A few individuals still spend the winter at Svalbard in a lonely hunters cabin like this one. Today, most people on Svalbard prefer the comforts of Lonyearbyen.

Obviously, cleaning of emmissions is not a big issue with the Russians, judging by the smoke from this coal fired power station in the Russian mining settlement named Barentsburg. About 1000 people live here, and it is the only major settlement on Svalbard in addition to Lonyearbyen.

Barentsburg is an old settlement, and it has a number of wooden houses typical for smaller Russian cities in cold areas. The Russians have their own green-houses, and we also saw a farm where they kept pigs. It seems the Russians can survive for a long time without supplies from outside, while the Norwegian dominated Longyearbyen rely on supplies arriving on the daily flight from Norway. At this time, light was getting dim, and on our way home it got dark. We observed and trailed som polar bear tracks, but a snow-fall put an end to that. Thanks to Svalbars Snøscooterutleie for a well organized day-trip to Barentsburg and a guide that was also prepared to throw in an extra detour. This trip is an excellent introduction to snow-mobile riding with an interesting destination, and my no. 1 recommendation for the first time visitor to Svalbard in winter.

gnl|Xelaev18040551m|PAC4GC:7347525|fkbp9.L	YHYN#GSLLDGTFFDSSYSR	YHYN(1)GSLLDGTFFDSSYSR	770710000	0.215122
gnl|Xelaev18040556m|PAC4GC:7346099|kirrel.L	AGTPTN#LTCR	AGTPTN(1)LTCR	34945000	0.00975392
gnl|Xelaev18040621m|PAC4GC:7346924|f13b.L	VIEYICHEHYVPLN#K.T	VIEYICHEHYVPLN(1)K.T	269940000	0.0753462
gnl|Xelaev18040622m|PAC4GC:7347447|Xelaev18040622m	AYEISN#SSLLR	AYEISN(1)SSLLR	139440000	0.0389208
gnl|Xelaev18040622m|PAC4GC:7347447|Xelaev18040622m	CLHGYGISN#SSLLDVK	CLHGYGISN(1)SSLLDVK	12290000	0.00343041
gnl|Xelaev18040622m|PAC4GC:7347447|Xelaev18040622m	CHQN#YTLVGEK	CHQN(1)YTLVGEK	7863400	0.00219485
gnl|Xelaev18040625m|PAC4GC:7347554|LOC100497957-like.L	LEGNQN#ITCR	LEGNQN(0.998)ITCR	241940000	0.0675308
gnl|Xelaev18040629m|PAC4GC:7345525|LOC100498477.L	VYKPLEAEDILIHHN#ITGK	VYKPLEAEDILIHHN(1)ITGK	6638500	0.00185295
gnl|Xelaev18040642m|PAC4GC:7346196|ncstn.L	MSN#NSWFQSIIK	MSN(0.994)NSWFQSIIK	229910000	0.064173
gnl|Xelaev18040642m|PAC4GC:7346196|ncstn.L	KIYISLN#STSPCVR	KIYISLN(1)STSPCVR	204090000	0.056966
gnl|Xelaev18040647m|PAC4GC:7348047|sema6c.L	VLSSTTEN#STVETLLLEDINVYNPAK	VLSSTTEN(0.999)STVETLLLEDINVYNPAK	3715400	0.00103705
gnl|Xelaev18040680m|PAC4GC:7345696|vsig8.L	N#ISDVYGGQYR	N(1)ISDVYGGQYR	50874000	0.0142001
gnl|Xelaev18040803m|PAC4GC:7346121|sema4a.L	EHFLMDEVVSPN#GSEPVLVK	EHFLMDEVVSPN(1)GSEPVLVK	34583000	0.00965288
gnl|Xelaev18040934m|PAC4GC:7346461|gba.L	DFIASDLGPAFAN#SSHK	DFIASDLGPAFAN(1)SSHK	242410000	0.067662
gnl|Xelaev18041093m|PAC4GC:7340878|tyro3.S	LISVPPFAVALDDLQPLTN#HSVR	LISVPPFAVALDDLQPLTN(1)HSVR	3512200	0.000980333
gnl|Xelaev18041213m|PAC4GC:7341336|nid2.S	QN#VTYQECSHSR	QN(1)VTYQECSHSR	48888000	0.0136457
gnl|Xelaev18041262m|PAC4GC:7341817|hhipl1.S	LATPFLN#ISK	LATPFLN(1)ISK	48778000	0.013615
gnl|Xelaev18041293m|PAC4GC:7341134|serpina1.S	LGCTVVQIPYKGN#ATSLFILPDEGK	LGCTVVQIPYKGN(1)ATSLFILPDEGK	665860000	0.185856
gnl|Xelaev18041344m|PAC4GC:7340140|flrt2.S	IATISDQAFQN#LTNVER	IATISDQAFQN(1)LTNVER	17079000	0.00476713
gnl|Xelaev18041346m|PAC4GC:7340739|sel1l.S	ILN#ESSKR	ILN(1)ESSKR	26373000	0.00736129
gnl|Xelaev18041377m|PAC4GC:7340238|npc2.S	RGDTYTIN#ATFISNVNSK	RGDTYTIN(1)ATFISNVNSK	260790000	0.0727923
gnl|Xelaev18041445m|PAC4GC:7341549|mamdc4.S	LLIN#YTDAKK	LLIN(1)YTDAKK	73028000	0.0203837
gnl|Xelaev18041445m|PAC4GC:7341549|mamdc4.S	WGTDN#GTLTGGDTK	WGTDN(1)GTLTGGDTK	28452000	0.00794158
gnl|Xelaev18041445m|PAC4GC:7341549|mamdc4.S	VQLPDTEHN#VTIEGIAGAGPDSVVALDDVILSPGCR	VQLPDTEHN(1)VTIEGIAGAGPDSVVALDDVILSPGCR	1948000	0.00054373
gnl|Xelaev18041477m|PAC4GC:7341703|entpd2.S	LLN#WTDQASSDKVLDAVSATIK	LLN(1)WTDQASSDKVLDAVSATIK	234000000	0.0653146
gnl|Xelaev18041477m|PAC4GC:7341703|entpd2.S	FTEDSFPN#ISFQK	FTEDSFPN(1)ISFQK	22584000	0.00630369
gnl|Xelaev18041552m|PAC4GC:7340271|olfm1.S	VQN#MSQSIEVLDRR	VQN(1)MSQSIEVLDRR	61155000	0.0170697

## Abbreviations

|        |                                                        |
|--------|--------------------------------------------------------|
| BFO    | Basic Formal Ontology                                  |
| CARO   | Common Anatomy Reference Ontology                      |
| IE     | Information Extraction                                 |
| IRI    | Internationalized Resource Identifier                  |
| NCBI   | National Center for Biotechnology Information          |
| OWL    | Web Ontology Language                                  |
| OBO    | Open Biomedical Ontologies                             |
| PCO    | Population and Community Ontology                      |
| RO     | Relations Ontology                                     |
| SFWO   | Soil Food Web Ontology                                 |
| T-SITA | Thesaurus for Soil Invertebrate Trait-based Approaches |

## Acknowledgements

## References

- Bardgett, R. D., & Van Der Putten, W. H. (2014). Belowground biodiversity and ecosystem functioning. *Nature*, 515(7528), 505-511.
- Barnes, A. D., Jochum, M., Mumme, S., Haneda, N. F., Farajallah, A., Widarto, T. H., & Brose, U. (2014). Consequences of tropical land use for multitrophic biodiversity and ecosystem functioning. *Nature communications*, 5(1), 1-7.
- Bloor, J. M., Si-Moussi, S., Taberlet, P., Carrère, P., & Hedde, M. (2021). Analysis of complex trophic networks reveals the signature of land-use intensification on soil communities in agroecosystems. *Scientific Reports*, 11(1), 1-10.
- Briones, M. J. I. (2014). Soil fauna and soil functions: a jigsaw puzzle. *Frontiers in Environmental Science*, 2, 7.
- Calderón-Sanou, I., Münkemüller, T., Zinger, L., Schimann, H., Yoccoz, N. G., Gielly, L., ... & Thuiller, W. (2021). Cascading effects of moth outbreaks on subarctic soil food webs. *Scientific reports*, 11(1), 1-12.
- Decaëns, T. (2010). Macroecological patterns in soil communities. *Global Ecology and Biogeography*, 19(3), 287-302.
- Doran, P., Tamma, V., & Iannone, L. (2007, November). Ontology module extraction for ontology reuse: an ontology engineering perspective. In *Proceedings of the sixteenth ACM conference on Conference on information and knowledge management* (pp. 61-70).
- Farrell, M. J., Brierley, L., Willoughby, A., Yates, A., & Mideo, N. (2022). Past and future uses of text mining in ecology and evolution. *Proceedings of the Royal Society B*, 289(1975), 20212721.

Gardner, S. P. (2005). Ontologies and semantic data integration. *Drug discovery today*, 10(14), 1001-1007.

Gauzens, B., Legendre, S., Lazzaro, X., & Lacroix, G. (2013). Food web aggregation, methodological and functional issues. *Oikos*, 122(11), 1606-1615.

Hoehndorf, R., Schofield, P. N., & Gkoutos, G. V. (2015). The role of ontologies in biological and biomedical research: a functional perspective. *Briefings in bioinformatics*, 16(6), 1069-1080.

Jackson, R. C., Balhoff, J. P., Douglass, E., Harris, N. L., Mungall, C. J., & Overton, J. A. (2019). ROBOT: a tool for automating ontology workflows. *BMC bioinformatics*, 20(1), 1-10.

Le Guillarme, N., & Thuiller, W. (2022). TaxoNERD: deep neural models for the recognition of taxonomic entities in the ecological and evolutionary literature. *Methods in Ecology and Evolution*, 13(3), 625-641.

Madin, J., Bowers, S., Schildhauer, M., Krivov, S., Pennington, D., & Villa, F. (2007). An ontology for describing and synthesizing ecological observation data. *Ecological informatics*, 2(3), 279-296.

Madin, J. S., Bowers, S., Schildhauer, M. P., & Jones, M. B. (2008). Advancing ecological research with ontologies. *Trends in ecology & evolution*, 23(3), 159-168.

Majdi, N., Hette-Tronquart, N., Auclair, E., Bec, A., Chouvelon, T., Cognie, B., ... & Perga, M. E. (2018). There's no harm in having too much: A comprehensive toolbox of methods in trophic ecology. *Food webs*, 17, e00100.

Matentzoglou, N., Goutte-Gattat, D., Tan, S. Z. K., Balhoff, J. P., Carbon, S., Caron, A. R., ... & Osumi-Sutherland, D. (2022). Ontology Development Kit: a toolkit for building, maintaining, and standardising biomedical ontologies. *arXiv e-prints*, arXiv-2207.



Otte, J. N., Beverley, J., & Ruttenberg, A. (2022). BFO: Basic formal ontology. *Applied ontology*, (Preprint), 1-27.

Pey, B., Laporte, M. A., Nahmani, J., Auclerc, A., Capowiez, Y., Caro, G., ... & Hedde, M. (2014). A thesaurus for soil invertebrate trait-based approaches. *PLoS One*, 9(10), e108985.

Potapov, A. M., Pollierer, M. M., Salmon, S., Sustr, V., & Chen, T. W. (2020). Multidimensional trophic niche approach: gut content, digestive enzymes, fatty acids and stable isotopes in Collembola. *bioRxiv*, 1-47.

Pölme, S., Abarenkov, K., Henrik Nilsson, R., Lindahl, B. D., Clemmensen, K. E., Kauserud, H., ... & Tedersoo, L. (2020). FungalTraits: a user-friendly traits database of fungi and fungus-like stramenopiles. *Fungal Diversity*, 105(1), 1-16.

An oil-tank painted in colors to match the surroundings. Lonyearbyen has a port used by fishing boats and small freighters.

One day we had extremely mild weather for the season, but the rain soon froze to ice on these rocks on the beach.

Seems typical for the arctic that stuff not longer needed are just left to rot, like these snowmobiles found near the port in Longyearbyen.

I believe the Svalbard Museum is the most interesting visit to make for tourists inside Longyearbyen itself. It is presently (2005) in an old barn, but soon due to move into a new building. I suspect it may loose some of it's charm during that move. It's a perfect thing to visit if you experience a day of bad weather during your visit. Weather in the arctic is extremely unpredictable.

Around Longyearbyen you can explore a lot of remains from mining, like the cableways still hanging there (but not used anymore). This one was beautifully floodlighted allowing some interesting shots.

Longyearbyen has an upper part of town about 15 minutes walk from the main street. This icy road was connecting the two parts. The upper part doesn't offer much to see, except an interesting gallery of paintings. They also featured a slide show with pictures from Svalbard by Frans Widerberg when I visted. The pictures were beautiful and honest to the Svalbard nature, but they had been digitized and presented on a computerized projectors, with resulting quality limits.

My recommendations for a Svalbard visit: Travel in a group of 4 - 8 people and make deals with tour organizers up front. With 6 people or more, it should be possible to get commitments from tour organizers to arrange the trip (weather permitting) without having to depend on additional guests. Teams with some arctic experience should look for overnight trips. Those without experience should stay in Longyearbyen and do guided day-trips, and stay for at least 3 full days in case weather doesn't coperate. Single travellers must depend on available spaces on day trips that do have enough guests signed up. This normally doesn't happen until a day or two before a trip. Overnight trips are usually booked in advance, making it possible for single travellers to plan these before arriving.

(c) Thomas Høven 2005